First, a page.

Antonio Donato Nobre, a climate researcher at Brazil’s National Institute for Space Research (INPE), is the one who promulgated the theory of flying rivers. "If the clearcutting isn’t stopped soon, the climatic changes will lead to enormous losses in agricultural production not only in Brazil, but also in neighboring countries like Bolivia, Paraguay and Argentina," he says.
His brother and colleague, Carlos Nobre, is responsible for the numbers that are today seen as the benchmark for the rainforest’s tipping point: Once 40 percent of the original forested area in the Amazon is destroyed, he calculated, then the further desertification will be unstoppable. A 4-degree rise in temperatures would have the same effect, Nobre believes. But because clearcutting and warming are hitting the forest at the same time, combined with the additional stress of road construction, selective logging and mining, Carlos Nobre believes the critical benchmark is closer to 25 percent. The forest cannot be allowed to shrink more than that, otherwise its very existence is threatened. Already, though, close to 20 percent of the rainforest has been destroyed, meaning that the critical benchmark isn’t far away.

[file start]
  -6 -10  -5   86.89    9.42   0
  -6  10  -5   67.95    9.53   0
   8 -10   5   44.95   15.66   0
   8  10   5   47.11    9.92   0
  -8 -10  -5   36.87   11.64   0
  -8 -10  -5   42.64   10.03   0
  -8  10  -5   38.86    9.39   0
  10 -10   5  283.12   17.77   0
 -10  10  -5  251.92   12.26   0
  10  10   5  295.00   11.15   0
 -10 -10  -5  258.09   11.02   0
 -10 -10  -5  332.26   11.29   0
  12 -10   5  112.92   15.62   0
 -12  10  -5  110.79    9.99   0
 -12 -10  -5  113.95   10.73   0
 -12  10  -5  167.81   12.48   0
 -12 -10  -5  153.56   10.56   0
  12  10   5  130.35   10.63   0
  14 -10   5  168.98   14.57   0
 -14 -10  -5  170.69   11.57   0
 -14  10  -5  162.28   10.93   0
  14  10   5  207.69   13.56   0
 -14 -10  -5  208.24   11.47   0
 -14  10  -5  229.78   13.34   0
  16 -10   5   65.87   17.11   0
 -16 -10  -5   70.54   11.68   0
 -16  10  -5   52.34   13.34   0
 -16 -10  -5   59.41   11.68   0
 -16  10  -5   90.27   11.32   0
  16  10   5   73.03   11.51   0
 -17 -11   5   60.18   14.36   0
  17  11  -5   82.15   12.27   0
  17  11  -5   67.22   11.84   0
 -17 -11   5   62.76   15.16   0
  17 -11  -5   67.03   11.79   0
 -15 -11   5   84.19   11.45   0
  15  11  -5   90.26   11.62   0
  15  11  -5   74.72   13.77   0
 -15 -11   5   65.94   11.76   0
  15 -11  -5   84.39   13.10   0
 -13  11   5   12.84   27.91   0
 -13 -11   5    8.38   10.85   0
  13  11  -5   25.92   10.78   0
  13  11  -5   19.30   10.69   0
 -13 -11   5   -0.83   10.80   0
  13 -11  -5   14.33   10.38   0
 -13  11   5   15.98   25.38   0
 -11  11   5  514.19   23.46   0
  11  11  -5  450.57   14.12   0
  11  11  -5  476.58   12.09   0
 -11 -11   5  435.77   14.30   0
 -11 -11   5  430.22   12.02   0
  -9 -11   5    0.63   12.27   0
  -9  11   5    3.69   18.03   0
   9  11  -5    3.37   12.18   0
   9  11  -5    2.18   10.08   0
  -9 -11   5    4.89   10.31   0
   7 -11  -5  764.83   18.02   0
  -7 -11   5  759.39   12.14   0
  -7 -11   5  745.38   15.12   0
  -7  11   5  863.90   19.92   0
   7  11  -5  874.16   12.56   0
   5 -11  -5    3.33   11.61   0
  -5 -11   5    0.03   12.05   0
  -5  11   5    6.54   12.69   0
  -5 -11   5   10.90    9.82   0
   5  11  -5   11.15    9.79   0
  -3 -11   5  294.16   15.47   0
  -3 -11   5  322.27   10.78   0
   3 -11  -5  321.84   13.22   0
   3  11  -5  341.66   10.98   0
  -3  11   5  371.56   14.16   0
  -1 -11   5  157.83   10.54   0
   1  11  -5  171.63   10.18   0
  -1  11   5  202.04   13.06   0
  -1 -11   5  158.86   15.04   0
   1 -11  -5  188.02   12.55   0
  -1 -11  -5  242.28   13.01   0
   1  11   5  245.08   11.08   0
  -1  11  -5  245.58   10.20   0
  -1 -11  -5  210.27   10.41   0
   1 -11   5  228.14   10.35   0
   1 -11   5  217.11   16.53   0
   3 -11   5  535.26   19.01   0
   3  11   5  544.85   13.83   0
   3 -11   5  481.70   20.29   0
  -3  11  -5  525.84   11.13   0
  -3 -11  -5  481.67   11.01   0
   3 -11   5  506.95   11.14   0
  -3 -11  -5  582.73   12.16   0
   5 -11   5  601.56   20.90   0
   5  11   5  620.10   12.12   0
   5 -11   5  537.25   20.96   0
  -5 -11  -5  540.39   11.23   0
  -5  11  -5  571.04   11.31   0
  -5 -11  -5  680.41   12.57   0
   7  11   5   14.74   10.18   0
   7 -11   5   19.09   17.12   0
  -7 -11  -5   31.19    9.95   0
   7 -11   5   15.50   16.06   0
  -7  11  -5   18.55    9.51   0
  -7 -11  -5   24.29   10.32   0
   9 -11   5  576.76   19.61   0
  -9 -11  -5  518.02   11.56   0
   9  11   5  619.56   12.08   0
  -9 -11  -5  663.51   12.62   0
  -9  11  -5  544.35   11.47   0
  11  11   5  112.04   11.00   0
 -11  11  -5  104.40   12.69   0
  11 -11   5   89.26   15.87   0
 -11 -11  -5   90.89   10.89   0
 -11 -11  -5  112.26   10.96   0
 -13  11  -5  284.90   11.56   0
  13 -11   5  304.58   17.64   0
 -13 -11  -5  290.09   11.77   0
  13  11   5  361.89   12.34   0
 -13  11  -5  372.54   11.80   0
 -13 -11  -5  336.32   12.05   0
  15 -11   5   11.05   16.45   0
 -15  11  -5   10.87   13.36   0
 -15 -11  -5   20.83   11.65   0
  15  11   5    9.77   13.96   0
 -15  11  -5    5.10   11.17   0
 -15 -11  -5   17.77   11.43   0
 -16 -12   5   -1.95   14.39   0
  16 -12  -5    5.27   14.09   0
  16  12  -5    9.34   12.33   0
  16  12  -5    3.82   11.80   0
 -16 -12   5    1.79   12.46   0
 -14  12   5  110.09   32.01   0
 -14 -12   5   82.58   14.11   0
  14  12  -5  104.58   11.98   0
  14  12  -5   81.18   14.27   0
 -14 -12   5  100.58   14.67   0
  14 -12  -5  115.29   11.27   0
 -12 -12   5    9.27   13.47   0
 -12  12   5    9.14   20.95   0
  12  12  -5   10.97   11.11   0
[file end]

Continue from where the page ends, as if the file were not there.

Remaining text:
A recently published analysis of satellite images tells an even more ominous story. For the first time, the images don’t just show areas that have been deforested, but also regions where the forest has been damaged. And the findings are concerning: "The swaths of deforestation create a herringbone pattern, through which the adjoining forested areas are heavily damaged," says PIK researcher Thonicke. That results in a loss of both species diversity and biomass, reducing the resiliency of the ecosystem.
As a consequence of this development, the tropical forest is undergoing a dramatic role reversal in the global carbon dioxide cycle. Particularly in years of El Niño, which are especially stressful for the Amazon rainforest, the jungle is releasing far more carbon dioxide than it absorbs. What was once one of the world’s largest carbon reservoirs is becoming a source of greenhouse gas emissions.
What does all this mean for Europe? What will happen if the ice in Greenland and the forest in Brazil disappear? Are we perhaps heading for the kind of weather chaos last seen in the last ice age?